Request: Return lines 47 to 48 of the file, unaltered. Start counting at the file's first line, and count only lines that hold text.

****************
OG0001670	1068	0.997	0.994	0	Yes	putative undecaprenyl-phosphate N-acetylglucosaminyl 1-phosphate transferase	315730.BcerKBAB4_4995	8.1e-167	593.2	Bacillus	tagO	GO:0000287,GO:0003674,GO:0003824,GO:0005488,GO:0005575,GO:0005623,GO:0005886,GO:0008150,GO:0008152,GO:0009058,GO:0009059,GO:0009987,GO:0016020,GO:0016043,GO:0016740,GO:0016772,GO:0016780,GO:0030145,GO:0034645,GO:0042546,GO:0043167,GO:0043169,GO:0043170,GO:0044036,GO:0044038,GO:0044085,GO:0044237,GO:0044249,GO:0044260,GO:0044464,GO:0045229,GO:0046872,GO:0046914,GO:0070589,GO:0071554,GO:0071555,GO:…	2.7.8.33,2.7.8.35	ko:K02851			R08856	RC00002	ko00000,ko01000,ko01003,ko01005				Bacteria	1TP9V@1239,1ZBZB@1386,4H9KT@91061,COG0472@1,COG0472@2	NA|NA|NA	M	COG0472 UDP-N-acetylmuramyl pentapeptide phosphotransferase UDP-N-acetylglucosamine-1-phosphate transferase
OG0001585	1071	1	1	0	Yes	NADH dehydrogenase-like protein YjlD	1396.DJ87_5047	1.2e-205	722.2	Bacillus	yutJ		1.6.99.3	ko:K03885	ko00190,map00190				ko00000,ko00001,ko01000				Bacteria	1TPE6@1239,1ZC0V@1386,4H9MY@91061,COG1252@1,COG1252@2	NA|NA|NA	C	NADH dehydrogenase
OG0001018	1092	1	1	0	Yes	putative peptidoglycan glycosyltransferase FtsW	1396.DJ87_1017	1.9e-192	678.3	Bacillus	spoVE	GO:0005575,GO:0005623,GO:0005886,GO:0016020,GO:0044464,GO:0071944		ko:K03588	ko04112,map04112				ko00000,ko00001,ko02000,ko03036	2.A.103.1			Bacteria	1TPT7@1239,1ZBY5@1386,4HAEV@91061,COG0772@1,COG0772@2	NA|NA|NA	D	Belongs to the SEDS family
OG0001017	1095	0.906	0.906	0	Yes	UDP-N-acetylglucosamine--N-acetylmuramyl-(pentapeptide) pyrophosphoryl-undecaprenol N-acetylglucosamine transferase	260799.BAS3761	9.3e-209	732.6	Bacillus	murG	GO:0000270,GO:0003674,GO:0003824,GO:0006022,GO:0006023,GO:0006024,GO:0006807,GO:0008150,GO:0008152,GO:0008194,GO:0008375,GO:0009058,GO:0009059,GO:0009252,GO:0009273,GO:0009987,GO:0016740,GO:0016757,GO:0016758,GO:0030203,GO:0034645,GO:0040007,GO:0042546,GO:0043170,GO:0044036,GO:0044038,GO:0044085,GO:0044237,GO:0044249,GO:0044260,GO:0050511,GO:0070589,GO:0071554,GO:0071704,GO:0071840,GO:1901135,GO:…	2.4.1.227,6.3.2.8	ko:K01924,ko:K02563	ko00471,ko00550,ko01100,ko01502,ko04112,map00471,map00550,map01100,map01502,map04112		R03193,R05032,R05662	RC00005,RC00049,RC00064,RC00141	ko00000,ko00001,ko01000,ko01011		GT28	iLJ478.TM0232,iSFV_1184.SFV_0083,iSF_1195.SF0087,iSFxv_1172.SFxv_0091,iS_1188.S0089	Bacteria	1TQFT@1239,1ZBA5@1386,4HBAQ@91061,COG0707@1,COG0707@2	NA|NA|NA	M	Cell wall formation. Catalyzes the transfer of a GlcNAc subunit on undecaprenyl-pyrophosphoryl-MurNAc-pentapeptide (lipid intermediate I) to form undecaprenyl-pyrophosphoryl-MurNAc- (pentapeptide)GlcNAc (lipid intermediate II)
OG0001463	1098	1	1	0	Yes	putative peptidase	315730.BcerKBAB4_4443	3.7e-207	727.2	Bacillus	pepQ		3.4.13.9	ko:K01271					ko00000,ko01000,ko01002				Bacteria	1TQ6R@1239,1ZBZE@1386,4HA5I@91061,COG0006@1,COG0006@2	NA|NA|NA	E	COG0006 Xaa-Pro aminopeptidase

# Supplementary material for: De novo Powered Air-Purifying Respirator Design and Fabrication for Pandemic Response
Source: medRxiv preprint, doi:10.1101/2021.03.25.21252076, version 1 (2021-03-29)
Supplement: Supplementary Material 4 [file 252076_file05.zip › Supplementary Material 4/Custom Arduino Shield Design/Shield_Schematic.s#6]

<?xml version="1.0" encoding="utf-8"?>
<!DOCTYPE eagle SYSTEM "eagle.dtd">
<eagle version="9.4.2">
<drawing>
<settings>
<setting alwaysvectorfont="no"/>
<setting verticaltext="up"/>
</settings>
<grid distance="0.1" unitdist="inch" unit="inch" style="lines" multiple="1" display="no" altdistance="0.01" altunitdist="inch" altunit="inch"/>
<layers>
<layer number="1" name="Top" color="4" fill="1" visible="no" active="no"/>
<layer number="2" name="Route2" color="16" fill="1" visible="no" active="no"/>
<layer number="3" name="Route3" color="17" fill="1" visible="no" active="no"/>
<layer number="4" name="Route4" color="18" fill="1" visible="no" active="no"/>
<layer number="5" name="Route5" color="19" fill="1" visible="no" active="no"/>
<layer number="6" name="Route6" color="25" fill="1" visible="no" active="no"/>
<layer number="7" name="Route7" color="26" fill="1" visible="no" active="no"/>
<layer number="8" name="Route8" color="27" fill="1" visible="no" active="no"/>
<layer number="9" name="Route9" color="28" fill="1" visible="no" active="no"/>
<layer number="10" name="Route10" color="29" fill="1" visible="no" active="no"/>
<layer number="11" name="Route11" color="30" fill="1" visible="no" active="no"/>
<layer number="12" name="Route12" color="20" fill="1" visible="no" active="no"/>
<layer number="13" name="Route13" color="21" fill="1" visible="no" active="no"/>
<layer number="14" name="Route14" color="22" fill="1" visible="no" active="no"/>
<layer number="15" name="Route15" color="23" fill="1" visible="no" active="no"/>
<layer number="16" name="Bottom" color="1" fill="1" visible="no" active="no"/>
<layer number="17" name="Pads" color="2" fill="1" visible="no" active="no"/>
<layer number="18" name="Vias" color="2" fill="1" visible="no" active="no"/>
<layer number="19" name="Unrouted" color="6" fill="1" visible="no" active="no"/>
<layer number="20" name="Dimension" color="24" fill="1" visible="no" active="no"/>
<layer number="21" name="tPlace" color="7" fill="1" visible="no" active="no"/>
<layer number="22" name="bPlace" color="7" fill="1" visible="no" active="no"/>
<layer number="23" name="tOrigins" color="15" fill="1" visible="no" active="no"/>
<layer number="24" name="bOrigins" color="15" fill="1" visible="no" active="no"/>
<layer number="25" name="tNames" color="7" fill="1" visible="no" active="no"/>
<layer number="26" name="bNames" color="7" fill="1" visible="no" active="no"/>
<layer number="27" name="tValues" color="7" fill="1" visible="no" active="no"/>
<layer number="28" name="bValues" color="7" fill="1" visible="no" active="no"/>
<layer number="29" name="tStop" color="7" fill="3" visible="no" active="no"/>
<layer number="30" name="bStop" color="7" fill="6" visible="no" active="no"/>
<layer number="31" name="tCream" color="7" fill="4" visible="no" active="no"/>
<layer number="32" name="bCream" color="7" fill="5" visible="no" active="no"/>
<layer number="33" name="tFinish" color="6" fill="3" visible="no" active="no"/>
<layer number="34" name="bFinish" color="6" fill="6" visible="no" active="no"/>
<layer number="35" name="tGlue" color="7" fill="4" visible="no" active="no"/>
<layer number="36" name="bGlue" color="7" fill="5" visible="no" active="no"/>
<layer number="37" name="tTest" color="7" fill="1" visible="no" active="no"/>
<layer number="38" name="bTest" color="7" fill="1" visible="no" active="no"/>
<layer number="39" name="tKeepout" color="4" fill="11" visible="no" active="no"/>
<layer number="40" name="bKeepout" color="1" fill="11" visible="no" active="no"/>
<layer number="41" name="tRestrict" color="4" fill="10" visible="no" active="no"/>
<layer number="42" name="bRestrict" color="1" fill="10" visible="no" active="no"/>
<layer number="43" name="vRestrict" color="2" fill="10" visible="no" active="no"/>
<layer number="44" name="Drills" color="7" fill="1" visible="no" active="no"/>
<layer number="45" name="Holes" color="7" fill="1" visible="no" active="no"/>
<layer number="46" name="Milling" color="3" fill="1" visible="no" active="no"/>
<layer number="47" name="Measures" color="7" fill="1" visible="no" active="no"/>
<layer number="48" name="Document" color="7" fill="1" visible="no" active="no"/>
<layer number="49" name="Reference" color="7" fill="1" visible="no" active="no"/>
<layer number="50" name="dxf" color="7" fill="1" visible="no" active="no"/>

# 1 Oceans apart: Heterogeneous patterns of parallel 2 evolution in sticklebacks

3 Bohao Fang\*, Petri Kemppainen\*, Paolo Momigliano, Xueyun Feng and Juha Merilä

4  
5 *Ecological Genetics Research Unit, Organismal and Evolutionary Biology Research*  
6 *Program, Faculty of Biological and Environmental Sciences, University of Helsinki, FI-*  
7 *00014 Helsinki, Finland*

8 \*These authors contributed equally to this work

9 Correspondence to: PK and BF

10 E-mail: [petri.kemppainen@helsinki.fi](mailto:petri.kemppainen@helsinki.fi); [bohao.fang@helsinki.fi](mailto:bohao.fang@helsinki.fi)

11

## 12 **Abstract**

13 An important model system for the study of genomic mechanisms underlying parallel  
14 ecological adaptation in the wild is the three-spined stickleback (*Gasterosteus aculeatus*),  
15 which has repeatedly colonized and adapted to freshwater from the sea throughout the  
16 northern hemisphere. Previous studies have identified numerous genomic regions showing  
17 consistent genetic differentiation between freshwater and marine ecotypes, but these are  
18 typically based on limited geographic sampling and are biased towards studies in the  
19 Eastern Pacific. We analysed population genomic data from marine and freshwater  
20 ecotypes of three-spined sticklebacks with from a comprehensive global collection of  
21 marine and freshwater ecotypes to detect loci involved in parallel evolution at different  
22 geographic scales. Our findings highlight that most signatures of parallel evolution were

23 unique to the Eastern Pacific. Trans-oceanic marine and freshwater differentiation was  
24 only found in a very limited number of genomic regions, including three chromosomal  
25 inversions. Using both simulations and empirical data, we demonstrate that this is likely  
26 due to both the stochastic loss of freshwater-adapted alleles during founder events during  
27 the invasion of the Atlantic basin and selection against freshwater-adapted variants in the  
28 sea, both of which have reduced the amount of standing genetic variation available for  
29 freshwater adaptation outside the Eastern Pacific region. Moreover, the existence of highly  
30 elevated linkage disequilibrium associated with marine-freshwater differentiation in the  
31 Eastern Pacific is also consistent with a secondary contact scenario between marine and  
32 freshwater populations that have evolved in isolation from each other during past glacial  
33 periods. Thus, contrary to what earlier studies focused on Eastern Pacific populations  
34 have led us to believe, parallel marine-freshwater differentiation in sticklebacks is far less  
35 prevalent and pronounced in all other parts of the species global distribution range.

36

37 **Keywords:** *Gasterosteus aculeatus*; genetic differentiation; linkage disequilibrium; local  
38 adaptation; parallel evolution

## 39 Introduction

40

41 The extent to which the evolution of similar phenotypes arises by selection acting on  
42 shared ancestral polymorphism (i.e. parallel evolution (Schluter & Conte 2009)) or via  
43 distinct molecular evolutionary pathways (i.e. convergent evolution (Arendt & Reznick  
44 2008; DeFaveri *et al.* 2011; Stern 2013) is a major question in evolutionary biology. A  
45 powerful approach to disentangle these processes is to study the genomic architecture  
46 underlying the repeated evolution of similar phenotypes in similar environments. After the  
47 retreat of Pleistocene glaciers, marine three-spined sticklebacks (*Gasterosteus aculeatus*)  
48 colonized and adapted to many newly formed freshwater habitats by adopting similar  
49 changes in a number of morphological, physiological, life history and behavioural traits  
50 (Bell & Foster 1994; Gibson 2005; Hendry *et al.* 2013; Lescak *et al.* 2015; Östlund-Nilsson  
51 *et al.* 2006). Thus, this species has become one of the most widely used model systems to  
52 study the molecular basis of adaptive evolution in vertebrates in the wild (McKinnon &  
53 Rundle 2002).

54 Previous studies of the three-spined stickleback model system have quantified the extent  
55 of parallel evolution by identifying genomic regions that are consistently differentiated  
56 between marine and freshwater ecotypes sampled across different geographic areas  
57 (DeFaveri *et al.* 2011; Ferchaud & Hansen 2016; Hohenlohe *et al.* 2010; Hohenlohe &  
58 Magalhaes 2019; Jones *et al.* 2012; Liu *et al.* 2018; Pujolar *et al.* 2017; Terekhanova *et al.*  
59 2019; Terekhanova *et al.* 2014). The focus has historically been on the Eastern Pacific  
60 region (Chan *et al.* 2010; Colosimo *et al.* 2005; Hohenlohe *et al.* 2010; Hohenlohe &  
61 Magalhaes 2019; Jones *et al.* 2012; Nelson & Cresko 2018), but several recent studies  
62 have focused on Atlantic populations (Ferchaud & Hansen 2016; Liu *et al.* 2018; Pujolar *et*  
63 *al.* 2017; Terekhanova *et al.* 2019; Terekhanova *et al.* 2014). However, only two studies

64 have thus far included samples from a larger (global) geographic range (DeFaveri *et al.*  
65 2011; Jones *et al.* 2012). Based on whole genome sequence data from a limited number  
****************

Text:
<layer number="29" name="tStop" color="7" fill="3" visible="no" active="no"/>
<layer number="30" name="bStop" color="7" fill="6" visible="no" active="no"/>